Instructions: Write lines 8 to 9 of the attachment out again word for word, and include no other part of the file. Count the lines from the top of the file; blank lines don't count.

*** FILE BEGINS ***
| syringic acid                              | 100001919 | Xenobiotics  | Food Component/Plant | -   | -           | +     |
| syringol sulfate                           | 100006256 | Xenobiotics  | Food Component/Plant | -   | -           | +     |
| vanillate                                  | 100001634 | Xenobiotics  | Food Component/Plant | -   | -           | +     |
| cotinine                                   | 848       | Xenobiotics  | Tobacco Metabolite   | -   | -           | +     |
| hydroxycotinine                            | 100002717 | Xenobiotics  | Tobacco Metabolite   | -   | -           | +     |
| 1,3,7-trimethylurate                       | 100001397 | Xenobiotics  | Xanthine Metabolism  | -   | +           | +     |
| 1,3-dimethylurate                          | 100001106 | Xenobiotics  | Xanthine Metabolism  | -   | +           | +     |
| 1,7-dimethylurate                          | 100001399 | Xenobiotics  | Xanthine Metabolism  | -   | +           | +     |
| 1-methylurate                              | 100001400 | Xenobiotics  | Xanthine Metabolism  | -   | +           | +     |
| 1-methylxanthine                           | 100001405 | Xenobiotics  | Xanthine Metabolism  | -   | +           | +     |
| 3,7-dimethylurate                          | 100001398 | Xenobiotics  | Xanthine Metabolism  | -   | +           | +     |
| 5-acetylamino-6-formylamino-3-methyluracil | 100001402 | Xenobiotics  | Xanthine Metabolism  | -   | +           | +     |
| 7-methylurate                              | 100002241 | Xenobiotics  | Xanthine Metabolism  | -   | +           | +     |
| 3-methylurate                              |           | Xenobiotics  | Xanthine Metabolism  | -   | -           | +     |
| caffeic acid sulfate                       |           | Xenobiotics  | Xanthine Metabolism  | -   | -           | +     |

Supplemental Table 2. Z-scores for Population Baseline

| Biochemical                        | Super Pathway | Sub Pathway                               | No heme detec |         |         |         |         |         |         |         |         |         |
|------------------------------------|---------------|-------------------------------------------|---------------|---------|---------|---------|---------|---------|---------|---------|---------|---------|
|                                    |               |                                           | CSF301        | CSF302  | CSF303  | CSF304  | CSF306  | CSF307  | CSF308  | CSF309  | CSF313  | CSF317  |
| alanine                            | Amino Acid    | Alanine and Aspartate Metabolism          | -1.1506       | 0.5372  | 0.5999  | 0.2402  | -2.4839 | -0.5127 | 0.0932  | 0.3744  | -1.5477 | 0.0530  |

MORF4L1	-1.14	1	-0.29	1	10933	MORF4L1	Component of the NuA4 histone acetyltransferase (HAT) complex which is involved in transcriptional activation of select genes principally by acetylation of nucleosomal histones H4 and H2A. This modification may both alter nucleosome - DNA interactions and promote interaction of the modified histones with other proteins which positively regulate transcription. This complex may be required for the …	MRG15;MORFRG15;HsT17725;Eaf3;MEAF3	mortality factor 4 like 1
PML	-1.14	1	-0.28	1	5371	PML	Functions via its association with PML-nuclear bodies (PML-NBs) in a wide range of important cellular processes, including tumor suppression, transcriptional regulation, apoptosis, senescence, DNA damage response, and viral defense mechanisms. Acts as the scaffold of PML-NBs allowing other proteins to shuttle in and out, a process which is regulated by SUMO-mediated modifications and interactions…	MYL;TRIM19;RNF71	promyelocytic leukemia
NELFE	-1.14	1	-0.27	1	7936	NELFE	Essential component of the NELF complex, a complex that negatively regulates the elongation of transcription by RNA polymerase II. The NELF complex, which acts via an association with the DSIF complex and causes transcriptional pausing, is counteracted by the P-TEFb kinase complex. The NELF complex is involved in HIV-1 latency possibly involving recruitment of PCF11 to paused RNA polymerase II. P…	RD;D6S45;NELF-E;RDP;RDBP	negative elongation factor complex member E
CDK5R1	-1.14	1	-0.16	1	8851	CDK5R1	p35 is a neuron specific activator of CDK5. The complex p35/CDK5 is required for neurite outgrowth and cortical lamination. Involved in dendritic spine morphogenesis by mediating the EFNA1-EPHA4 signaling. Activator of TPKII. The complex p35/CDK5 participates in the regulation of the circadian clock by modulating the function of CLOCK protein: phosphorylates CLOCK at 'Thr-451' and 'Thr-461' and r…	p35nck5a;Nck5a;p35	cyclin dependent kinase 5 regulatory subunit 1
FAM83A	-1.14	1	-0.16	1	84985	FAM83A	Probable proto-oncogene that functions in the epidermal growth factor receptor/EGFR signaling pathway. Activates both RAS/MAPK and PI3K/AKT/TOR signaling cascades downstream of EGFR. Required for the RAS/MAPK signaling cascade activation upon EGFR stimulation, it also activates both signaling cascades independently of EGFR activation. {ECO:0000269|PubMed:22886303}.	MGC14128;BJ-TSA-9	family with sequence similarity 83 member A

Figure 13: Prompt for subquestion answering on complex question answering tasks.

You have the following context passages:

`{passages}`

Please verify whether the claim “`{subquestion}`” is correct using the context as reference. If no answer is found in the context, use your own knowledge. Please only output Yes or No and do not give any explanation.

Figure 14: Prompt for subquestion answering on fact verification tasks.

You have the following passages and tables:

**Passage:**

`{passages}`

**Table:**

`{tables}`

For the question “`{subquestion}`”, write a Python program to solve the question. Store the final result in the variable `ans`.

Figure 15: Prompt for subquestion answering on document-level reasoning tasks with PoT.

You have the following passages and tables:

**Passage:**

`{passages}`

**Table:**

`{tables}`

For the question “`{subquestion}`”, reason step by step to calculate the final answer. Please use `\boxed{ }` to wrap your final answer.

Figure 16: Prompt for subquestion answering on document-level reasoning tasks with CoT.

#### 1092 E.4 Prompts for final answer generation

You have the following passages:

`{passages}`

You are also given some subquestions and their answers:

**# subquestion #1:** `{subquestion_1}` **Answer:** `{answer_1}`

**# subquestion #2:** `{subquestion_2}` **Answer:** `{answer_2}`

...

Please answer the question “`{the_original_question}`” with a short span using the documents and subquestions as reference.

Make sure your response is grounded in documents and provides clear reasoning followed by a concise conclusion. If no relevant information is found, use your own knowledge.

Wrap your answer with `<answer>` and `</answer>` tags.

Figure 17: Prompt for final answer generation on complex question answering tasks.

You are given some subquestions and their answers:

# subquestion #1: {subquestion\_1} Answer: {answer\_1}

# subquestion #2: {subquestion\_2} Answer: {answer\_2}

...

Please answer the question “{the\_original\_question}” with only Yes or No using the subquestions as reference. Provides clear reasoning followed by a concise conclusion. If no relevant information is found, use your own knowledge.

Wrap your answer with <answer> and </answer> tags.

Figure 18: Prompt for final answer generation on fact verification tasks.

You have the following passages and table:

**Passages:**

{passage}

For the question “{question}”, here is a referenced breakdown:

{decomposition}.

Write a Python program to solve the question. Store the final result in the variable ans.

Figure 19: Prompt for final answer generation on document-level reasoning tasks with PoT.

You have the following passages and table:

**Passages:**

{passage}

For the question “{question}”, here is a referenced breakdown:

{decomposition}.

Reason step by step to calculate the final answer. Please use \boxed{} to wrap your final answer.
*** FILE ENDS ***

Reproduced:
| 1,7-dimethylurate                          | 100001399 | Xenobiotics  | Xanthine Metabolism  | -   | +           | +     |
| 1-methylurate                              | 100001400 | Xenobiotics  | Xanthine Metabolism  | -   | +           | +     |